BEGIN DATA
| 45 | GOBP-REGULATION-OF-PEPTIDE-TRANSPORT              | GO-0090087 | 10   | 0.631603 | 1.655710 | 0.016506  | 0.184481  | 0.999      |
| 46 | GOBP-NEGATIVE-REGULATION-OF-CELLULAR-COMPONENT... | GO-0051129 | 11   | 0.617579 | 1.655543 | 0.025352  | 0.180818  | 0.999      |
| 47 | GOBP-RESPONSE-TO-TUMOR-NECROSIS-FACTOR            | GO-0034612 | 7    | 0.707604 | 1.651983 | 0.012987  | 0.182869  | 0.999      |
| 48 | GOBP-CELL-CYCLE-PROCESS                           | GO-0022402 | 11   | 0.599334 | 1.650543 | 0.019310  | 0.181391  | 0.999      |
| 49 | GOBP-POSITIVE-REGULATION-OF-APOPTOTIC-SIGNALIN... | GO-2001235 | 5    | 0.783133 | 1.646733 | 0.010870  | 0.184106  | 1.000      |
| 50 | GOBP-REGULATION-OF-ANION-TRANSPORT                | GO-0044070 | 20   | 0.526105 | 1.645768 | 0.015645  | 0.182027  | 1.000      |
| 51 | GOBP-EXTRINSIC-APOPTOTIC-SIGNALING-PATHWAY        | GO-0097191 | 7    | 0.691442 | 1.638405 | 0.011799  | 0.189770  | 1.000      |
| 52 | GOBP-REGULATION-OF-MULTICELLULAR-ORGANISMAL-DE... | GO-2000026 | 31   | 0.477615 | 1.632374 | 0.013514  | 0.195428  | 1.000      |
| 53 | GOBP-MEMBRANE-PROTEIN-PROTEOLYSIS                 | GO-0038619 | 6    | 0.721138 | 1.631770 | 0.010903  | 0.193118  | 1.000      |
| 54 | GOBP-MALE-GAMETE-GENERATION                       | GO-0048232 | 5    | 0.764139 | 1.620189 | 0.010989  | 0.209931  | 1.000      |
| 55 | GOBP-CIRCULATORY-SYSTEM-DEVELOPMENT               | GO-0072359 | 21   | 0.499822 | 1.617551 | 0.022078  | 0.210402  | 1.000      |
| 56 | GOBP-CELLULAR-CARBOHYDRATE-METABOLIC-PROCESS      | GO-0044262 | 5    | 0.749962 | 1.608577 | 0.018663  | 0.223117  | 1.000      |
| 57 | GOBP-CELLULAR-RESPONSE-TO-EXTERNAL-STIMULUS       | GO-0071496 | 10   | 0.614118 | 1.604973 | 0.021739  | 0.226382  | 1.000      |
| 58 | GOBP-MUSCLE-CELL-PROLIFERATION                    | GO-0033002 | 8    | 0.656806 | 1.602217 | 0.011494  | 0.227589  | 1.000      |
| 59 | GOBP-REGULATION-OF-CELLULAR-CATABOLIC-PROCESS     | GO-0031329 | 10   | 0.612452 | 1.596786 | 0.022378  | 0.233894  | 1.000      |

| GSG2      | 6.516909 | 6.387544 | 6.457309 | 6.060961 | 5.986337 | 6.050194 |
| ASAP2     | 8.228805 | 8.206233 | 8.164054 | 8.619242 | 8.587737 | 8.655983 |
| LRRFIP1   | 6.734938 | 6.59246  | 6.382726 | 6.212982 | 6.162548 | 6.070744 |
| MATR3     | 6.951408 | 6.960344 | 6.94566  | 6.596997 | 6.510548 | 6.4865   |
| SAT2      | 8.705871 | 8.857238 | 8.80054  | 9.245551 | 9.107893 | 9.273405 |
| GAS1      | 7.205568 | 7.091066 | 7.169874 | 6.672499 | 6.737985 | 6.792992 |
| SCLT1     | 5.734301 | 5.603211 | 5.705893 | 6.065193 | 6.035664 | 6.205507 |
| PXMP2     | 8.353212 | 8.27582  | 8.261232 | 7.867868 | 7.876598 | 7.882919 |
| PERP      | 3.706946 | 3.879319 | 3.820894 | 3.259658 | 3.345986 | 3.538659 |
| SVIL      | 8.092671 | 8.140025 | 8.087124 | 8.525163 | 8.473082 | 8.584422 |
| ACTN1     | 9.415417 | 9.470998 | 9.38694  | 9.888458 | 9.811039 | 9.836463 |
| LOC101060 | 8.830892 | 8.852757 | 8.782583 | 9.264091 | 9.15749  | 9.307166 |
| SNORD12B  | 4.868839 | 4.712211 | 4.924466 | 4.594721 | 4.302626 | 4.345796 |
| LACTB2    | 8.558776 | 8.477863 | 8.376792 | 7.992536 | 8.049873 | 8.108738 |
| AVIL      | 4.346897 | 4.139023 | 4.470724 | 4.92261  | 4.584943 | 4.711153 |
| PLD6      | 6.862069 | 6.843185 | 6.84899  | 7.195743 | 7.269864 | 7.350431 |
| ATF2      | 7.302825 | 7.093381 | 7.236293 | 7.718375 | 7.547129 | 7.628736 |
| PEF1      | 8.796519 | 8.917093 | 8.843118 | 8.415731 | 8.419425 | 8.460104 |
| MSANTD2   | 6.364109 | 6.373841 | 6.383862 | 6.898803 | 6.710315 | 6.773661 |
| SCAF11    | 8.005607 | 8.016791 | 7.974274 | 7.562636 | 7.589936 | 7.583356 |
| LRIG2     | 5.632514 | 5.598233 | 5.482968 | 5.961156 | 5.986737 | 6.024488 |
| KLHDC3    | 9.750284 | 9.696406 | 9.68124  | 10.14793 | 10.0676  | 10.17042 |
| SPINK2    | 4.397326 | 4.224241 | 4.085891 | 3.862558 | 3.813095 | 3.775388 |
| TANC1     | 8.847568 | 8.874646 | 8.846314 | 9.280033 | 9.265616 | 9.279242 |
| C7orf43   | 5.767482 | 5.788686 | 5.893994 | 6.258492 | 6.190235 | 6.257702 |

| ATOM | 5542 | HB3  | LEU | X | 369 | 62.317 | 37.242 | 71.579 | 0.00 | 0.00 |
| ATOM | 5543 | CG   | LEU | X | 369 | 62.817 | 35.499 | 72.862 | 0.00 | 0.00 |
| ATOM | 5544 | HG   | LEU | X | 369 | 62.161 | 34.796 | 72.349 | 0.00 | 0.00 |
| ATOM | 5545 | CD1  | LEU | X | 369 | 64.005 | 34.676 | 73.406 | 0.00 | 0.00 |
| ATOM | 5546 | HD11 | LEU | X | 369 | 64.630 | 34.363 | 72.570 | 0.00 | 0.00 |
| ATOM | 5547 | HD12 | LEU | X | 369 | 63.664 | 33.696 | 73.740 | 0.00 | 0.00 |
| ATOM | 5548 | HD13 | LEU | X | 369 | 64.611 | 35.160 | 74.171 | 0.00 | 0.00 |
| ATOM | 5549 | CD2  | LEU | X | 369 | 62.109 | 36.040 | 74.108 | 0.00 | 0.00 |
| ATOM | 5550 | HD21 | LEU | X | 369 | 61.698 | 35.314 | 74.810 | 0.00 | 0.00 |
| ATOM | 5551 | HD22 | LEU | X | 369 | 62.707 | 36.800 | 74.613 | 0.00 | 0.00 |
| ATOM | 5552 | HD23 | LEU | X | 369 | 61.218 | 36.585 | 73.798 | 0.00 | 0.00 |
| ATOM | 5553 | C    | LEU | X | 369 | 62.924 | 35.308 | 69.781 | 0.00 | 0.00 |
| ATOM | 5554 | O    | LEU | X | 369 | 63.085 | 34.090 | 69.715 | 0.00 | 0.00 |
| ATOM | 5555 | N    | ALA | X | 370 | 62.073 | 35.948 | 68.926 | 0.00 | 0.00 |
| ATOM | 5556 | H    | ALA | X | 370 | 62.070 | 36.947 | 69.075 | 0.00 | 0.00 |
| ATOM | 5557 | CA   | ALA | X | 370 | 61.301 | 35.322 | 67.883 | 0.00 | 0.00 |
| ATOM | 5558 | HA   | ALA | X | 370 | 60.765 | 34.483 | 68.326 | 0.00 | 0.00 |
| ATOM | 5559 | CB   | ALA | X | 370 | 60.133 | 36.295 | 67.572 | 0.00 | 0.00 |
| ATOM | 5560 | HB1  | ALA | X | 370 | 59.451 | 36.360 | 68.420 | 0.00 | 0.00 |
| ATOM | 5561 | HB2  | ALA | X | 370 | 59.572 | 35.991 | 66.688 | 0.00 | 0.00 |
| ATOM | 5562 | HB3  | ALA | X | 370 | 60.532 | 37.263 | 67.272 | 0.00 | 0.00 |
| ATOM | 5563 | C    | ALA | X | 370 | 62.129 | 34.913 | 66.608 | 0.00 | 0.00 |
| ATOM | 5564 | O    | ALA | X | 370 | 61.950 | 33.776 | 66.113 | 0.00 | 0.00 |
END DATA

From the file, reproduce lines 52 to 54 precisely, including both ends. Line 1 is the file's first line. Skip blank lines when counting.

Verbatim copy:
| ATOM | 5553 | C    | LEU | X | 369 | 62.924 | 35.308 | 69.781 | 0.00 | 0.00 |
| ATOM | 5554 | O    | LEU | X | 369 | 63.085 | 34.090 | 69.715 | 0.00 | 0.00 |
| ATOM | 5555 | N    | ALA | X | 370 | 62.073 | 35.948 | 68.926 | 0.00 | 0.00 |